The Aufbau principle says that transition elements have different energies of ionization. Niobium, a transition metal, has a valence electron that fills the first and last orbitals. Niobium, on the other hand, fills its 3s and 4s orbitals before the last one. It is thus a rare case that the Aufbau diagram is wrong. Niobium’s valence electrons are filled first.

The transitional metal Niobium (Z = 41) contains two, three, and five valence electrons. The electrons will enter the first one (s-orbital) once the latter is full. When the first electron exits the s-orbital, the next two will leave it for the 2p orbital. This cycle continues until all four electrons have been filled. This means that Niobium has six valence electrons instead of two.

The Aufbau principle is not applied to heavier nuclei. The difference between their energies is too great. Then the Aufbau principle does not apply to them. This is because the electrons near the nucleus have velocities close to the speed of light. Niobium, on the other hand, has a lower atomic number than copper, which means that it cannot be filled by the Aufbau principle.


The Exception to the Aufbau principle for Neodymium is an anomalous case of the same atom’s electronic configuration. The neodymium atom has six electrons in its outermost shell, while the other four orbitals have two. This is a very uncommon situation. However, it does exist in the atomic structure of a few elements, including cadmium.

The Aufbau principle is applied to almost all elements, except copper, chromium, and silver. The latter two elements’ electron configurations are slightly different. Rather than having two electrons in a 4d orbital, the cadmium atom has one electron in the 3d orbital, and the other two are in the 5s orbital. This is a significant difference.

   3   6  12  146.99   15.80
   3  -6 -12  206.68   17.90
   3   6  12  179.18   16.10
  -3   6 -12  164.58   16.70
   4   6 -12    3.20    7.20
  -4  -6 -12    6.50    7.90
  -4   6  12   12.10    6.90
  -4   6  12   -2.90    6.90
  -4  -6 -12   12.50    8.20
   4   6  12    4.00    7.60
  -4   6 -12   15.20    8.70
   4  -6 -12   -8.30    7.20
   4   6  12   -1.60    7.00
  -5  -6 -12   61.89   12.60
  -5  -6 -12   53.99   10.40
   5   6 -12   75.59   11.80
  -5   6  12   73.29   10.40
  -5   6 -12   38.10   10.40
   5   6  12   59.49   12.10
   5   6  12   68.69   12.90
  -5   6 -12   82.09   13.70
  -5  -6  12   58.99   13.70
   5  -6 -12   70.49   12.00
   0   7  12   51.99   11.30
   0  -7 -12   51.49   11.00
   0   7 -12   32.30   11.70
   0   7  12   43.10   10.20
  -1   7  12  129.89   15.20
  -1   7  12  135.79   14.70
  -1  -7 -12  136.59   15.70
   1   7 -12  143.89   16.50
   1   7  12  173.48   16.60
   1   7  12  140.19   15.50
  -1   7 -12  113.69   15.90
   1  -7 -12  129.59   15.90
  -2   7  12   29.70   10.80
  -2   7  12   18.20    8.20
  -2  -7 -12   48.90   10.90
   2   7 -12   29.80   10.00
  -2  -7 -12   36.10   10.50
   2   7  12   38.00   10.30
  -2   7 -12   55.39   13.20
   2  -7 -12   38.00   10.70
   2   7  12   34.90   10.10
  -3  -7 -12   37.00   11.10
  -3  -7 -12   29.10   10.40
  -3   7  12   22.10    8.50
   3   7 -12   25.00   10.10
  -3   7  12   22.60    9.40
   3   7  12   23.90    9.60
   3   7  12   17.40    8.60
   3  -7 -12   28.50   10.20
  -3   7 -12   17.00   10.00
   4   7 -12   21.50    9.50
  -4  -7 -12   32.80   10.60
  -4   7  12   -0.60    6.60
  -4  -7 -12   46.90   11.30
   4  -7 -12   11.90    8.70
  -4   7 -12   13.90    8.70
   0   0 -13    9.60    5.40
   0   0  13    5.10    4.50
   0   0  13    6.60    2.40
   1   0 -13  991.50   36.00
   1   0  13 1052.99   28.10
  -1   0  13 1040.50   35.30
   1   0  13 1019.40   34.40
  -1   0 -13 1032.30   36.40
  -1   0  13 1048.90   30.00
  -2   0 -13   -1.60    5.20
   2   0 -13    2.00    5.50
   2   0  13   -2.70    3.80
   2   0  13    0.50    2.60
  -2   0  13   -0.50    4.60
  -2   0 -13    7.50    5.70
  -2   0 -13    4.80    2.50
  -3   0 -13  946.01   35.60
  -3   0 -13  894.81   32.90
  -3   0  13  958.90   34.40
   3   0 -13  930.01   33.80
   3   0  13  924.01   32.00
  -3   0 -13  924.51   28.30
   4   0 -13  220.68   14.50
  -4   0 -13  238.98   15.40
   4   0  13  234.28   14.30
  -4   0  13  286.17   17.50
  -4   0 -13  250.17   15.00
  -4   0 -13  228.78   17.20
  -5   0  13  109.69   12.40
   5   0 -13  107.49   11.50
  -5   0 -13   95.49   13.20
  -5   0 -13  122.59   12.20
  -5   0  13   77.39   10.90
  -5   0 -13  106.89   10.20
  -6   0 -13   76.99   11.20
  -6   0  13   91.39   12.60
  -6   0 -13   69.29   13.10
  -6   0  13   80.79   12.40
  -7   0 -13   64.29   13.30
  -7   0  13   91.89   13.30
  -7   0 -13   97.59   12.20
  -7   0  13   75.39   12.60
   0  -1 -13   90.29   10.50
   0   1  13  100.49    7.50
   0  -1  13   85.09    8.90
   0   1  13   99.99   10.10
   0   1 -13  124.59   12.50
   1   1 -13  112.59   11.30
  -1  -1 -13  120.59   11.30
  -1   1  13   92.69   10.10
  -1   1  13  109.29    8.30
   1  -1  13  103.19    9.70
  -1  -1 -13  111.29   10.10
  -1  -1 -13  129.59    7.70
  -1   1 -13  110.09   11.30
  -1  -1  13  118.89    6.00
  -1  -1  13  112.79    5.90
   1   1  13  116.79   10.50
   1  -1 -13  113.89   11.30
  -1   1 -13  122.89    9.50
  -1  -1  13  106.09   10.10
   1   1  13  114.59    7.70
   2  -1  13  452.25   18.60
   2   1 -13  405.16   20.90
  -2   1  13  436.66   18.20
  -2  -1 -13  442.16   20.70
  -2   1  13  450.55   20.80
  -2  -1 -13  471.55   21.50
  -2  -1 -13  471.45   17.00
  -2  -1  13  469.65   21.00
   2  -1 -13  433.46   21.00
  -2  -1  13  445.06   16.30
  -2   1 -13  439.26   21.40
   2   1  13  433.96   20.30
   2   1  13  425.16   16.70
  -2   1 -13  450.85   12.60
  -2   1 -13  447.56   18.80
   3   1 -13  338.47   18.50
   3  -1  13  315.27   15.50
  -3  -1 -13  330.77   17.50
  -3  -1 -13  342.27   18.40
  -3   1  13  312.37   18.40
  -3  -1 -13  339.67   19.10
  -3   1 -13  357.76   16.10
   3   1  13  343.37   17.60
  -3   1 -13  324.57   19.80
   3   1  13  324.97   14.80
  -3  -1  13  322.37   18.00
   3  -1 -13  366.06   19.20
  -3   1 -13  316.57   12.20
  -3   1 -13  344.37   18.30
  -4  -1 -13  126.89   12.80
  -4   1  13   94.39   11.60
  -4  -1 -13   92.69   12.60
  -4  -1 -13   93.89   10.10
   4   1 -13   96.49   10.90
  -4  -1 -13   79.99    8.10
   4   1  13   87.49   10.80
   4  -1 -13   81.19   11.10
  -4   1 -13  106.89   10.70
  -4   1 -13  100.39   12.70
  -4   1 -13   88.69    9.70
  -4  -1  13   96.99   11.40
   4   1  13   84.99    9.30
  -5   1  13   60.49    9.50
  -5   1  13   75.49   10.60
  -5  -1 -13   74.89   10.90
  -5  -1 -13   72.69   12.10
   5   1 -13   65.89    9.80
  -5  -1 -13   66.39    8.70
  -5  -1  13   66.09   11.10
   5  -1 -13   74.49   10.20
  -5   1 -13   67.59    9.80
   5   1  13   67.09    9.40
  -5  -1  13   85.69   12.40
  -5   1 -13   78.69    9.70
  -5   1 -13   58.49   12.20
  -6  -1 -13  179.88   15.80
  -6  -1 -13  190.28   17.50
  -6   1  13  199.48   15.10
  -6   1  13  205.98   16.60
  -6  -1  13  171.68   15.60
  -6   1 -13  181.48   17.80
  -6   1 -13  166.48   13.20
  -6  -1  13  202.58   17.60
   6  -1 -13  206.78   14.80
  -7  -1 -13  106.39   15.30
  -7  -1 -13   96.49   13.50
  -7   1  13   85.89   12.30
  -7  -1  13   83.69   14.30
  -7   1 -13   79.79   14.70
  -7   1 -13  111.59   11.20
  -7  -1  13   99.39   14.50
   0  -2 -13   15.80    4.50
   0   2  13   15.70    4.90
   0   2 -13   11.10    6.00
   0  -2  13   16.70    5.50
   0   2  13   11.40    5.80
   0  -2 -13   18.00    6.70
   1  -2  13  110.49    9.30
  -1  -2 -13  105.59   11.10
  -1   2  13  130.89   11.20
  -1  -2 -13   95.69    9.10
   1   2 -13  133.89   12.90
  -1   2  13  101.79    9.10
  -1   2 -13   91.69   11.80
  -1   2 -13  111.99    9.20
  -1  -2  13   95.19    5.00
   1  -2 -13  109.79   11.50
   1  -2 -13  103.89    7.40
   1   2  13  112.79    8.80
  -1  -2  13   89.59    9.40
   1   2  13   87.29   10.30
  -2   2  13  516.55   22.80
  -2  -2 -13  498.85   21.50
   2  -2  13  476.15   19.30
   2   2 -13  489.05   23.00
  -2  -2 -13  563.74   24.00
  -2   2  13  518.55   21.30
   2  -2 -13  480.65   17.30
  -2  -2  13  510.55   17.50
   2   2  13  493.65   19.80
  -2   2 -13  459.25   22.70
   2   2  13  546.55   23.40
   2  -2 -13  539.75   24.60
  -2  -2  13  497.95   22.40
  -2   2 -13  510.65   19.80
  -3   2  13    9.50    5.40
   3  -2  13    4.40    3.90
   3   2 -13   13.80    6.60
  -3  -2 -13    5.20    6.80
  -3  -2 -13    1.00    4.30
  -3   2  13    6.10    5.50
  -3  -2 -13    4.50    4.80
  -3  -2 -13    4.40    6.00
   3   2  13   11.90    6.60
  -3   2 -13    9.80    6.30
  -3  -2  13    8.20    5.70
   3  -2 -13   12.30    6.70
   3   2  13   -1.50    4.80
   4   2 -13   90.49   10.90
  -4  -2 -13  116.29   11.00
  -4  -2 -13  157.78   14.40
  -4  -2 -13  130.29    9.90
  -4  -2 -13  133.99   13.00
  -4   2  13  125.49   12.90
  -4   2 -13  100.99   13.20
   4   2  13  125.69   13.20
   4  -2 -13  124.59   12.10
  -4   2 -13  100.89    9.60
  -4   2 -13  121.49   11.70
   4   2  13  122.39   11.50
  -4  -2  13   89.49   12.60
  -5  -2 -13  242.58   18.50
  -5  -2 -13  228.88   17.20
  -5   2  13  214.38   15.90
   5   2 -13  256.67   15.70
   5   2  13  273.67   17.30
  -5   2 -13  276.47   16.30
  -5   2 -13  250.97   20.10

The atoms of chromium and neodymium do not follow the Aufbau principle because the neodymium atom has 29 electrons, but only 11 are left after the process. The Aufbau principle states that two electrons are put in the 4s subshell, and nine electrons go into the 3d subshell. Since the 3d shell can only hold ten electrons, the neodymium atom’s energy level drops below this level.

Neodymium has one e- in 5d orbital

When an atom is made from different elements, its electrons are distributed over the lowest energy sublevel first, called the 1s sublevel. For example, a hydrogen atom only has one electron, and electrons from other, more abundant atoms are then added to the next lowest sublevels. The Aufbau principle states that electrons must be added to all lower orbitals before they can be added to higher ones, a process known as “building up”.

The same goes for the other group two elements, such as the metal neodymium. Neodymium has one e in its 5d orbital, but it has two valence electrons. This makes it a group 2 element. The table below shows the electron configuration of some of the elements in the second period according to the Aufbau principle.

Because the Aufbau principle can only fill atoms with one valence electron, heavier atoms cannot be filled. Electrons near the nucleus have velocities near the speed of light. Neodymium, for example, has one e in its 5d orbital. Neodymium has one e in the 5d orbital exception to the Aufbau principle

Tungsten has one e- in 5d orbital

The electrons in tungsten are arranged in two different ways, depending on their positions in the atom. The first is in the s-orbital where it can have a maximum of two electrons. The second is in the p-orbital, where it can have up to six electrons. The remaining six will enter the 3d orbital.

The second method is called the Aufbau theory. This theory predicts that electrons fill their atomic orbitals in ascending order of energy. In other words, the lowest energy subshell is filled before the higher ones. This principle is also referred to as the Aufbau rule. It is the basic underlying premise of quantum chemistry. As an electron gains energy, it fills its orbital first and then moves up.

The first method predicts the arrangement of electrons in atoms and ions. The Aufbau principle states that electrons fill lower-energy

The Exception to the Aufbau Principle in Elements

orbitals before higher-energy ones. The tungsten electron configuration follows this rule, except for the fact that its 4f subshell is completely filled. It has four electrons in the 5d orbital and two in the 6s orbital. It is a common misconception that the Aufbau principle is faulty.